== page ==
The current, known as the sub polar gyre, has weakened in the past in connection with certain phases of a large-scale atmospheric pressure system known as the North Atlantic Oscillation (NAO). But the NAO has switched phases twice in the 1990s, while the subpolar gyre current has continued to weaken. Whether the trend is part of a natural cycle or the result of other factors related to global warming is unknown.

"It is a signal of large climate variability in the high latitudes," Hakkinen said. "If this trend continues, it could indicate reorganization of the ocean climate system, perhaps with changes in the whole climate system, but we need another good five to 10 years to say something like that is happening." Rhines said, "The subpolar zone of the Earth is a key site for studying the climate. It’s like Grand Central Station there, as many of the major ocean water masses pass through from the Arctic and from warmer latitudes. They are modified in this basin. Computer models have shown the slowing and speeding up of the subpolar gyre can influence the entire ocean circulation system."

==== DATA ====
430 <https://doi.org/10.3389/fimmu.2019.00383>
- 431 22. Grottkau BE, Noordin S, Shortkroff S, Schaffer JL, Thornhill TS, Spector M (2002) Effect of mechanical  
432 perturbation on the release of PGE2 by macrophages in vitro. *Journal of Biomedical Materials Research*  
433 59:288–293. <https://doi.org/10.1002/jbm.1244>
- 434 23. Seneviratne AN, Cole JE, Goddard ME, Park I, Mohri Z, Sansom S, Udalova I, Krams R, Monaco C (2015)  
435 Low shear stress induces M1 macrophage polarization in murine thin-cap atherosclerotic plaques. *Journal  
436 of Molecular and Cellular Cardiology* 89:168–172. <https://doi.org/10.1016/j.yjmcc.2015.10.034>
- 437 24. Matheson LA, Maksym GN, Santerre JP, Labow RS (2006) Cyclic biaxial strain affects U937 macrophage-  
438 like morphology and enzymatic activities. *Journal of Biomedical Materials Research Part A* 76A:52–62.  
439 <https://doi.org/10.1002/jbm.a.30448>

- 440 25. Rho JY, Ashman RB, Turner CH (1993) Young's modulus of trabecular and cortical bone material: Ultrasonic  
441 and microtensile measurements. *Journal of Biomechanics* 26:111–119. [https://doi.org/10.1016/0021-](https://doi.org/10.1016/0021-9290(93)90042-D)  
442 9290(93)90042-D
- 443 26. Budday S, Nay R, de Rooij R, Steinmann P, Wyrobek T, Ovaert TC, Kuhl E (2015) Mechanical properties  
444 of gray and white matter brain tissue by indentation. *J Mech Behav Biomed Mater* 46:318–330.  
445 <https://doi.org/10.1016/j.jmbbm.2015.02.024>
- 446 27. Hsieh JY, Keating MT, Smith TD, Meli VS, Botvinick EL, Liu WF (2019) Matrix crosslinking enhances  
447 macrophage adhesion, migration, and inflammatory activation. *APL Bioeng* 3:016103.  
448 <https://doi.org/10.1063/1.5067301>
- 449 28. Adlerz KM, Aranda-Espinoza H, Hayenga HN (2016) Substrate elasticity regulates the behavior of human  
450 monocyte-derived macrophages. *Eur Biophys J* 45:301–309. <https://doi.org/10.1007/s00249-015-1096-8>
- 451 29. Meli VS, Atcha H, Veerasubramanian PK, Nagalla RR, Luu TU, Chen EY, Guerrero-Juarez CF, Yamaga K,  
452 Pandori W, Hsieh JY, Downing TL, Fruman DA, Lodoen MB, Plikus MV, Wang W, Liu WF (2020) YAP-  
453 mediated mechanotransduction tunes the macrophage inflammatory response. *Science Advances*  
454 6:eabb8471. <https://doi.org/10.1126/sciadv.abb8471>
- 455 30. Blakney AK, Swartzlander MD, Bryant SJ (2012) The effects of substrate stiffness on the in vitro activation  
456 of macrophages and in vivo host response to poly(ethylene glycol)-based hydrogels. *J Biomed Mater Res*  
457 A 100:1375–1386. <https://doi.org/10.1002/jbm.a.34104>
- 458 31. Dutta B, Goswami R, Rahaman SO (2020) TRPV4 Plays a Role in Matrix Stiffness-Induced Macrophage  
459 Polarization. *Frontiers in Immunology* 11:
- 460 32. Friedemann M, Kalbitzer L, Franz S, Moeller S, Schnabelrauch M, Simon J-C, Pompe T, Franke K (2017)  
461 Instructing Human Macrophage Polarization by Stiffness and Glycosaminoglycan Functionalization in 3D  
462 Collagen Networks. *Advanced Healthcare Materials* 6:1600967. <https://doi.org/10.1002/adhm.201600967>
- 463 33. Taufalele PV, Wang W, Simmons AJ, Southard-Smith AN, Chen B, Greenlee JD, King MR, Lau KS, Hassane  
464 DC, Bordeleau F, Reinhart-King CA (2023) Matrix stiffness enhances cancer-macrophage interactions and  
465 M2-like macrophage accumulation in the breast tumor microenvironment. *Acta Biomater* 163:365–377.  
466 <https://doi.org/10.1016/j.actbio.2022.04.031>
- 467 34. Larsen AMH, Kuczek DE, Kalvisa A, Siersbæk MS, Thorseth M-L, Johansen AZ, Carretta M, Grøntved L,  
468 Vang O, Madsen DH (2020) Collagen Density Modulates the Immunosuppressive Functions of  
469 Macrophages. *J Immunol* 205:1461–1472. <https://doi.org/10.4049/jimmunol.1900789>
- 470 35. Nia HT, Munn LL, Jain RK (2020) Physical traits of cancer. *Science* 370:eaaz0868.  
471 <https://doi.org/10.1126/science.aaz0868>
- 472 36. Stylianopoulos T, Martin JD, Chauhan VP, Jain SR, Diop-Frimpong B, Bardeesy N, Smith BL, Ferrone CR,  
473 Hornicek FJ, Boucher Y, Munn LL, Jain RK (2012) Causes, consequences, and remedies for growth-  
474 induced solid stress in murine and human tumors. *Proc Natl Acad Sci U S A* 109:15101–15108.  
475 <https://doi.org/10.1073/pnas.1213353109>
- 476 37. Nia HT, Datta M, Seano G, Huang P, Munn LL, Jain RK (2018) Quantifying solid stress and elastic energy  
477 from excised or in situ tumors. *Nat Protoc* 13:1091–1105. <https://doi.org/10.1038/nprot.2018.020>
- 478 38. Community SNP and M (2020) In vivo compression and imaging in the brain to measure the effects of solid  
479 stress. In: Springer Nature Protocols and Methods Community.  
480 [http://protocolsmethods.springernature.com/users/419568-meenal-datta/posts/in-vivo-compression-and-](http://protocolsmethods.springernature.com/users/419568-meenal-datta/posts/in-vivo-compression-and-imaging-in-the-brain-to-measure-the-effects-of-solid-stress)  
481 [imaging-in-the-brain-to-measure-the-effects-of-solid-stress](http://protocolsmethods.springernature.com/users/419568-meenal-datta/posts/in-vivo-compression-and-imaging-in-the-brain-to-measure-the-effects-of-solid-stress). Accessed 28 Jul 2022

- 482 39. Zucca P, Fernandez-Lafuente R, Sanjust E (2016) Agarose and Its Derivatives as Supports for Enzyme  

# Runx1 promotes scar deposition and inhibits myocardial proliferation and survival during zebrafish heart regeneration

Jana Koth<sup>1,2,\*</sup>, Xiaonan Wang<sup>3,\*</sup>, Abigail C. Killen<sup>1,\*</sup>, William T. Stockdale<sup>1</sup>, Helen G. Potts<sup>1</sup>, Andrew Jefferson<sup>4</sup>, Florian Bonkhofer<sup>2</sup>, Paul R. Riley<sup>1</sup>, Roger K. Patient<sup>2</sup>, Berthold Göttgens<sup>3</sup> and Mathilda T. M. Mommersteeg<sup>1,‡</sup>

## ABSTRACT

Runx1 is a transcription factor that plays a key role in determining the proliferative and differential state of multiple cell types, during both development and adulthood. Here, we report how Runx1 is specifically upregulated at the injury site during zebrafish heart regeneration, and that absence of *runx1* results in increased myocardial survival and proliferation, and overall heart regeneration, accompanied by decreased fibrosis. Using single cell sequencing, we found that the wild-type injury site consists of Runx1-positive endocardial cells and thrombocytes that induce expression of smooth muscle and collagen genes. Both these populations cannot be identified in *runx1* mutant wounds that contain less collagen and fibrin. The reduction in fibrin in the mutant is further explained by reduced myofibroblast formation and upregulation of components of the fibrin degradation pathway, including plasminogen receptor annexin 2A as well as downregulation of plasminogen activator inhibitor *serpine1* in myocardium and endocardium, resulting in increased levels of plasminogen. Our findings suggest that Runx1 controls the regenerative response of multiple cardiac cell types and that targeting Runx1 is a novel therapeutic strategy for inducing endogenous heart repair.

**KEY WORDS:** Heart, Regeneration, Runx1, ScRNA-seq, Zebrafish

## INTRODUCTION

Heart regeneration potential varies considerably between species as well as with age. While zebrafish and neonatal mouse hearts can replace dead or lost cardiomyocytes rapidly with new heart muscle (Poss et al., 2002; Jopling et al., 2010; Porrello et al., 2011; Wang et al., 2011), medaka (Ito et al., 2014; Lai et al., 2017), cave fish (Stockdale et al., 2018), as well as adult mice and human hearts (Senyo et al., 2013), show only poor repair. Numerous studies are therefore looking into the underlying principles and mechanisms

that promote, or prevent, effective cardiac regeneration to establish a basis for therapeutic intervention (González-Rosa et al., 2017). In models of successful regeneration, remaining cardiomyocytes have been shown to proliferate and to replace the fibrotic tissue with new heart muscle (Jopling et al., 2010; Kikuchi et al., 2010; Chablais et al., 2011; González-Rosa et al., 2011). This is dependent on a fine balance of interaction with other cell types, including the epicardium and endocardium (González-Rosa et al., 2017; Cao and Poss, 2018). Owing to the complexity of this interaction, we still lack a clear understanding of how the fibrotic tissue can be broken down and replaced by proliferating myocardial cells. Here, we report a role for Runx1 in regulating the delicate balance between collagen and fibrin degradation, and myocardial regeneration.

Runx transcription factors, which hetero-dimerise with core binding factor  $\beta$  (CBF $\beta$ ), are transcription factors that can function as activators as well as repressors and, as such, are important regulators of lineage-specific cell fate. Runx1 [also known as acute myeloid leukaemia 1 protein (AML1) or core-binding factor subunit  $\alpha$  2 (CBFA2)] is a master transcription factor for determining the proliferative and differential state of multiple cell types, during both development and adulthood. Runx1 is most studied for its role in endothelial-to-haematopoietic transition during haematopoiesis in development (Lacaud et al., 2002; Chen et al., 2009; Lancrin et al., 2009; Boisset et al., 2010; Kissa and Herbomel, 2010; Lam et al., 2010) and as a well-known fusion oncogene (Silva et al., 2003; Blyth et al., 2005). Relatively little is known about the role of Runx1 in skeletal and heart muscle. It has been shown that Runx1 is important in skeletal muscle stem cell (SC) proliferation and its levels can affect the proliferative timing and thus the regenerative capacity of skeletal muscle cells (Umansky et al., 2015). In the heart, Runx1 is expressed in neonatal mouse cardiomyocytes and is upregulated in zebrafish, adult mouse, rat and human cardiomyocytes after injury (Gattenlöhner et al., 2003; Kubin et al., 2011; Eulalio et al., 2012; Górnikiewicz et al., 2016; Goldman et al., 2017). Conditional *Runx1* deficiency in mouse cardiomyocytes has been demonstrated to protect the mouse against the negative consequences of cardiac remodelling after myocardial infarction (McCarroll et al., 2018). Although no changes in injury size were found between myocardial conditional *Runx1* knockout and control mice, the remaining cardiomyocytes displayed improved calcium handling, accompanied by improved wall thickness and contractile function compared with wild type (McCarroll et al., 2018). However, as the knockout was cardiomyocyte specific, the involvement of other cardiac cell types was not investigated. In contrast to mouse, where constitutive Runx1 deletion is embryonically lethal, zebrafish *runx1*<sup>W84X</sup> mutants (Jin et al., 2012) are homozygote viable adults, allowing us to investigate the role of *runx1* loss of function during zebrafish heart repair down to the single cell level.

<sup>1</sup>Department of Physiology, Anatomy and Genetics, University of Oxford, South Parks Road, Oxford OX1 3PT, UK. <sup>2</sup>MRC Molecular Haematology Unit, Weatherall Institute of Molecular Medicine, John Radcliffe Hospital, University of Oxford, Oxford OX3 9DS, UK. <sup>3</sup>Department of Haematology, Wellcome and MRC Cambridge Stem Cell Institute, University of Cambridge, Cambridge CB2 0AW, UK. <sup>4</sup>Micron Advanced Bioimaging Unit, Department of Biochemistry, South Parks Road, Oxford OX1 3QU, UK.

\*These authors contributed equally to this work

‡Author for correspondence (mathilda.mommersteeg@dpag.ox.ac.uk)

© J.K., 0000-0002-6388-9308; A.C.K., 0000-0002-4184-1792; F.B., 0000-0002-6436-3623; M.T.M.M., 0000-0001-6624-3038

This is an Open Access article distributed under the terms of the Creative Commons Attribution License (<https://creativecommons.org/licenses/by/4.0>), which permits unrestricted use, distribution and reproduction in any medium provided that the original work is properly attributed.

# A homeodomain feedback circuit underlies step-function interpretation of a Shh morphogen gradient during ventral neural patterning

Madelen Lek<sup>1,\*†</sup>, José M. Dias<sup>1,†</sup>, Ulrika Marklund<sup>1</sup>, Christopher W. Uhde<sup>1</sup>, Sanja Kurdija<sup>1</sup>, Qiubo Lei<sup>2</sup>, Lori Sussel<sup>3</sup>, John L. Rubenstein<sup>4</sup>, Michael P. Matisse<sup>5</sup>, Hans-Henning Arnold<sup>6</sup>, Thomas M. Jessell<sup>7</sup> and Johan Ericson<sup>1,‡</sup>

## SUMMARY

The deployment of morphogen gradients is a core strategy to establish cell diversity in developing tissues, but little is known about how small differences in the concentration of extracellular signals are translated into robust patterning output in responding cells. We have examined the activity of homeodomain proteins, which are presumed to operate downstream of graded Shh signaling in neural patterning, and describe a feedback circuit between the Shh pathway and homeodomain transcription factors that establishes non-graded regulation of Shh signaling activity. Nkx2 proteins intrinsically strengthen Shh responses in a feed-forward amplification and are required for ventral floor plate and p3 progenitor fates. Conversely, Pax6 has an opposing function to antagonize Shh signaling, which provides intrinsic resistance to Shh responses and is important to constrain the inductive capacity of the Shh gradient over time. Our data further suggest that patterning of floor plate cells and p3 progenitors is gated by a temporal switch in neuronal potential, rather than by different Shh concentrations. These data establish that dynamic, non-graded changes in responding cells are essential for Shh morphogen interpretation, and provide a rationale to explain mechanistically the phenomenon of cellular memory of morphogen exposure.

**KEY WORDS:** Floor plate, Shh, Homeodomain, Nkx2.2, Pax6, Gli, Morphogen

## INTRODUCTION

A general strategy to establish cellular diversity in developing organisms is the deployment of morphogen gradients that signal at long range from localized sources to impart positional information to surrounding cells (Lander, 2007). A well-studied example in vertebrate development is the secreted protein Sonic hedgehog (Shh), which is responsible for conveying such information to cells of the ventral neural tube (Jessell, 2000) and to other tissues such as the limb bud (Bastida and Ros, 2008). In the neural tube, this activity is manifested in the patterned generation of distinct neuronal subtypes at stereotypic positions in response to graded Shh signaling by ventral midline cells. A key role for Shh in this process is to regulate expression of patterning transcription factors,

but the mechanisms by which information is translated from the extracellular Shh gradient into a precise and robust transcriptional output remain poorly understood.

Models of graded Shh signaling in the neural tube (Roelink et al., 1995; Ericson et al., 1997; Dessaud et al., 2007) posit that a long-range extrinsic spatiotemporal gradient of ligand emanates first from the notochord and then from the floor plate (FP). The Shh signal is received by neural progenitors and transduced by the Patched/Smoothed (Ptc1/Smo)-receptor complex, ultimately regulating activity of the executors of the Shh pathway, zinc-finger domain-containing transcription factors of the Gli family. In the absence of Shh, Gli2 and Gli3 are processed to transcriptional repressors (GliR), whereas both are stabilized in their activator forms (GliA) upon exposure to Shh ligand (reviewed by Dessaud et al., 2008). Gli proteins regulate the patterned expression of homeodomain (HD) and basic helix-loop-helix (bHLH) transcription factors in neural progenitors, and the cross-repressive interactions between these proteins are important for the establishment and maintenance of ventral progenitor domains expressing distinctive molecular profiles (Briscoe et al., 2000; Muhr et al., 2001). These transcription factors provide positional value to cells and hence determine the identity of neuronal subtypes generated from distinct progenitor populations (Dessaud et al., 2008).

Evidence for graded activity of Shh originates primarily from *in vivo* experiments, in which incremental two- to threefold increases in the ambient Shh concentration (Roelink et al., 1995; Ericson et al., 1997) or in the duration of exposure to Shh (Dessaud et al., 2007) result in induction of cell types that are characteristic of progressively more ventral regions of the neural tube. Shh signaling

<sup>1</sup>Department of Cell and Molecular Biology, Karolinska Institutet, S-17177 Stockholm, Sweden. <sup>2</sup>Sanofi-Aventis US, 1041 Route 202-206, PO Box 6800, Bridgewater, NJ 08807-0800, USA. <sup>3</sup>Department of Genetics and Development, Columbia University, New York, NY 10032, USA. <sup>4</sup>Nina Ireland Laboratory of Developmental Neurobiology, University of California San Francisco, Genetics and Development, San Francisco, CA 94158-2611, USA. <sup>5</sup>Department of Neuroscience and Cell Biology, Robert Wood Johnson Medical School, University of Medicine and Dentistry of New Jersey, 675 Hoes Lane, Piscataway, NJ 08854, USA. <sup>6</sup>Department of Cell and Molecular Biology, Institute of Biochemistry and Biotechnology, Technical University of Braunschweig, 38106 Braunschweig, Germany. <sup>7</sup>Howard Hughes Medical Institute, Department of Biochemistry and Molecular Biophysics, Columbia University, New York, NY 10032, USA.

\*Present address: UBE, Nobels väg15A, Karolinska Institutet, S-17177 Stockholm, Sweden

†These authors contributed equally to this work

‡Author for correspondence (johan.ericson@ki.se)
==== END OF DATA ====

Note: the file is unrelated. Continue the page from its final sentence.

Satellite data makes it possible to view the gyre over the entire North Atlantic basin. Measurements from deep in the ocean, using buoys, ships and new autonomous "robot" Seagliders, are important for validating and extending the satellite data. Sea-surface height satellite data came from NASA’s Seasat (July, August 1978), U.S. Navy’s Geosat (1985 to 1988), and the European Space Agency’s European Remote Sensing Satellite1/2 and NASA’s TOPEX/Poseidon (1992 to present).

Hakkinen and Rhines were able to reference earlier data to TOPEX/Poseidon data, and translate the satellite sea-surface height data to velocities of the subpolar gyre. The subpolar gyre can take 20 years to complete its route. Warm water runs northward through the Gulf Stream, past Ireland, before it turns westward near Iceland and the tip of Greenland.

The current loses heat to the atmosphere as it moves north. Westerly winds pick up that lost heat, creating warmer, milder European winters. After frigid Labrador Sea winters, the water in the current becomes cold, salty and dense, plunges beneath the surface, and heads slowly southward back to the equator. The cycle is sensitive to the paths of winter storms and to the buoyant fresh water from glacial melting and precipitation, all of which are experiencing great change.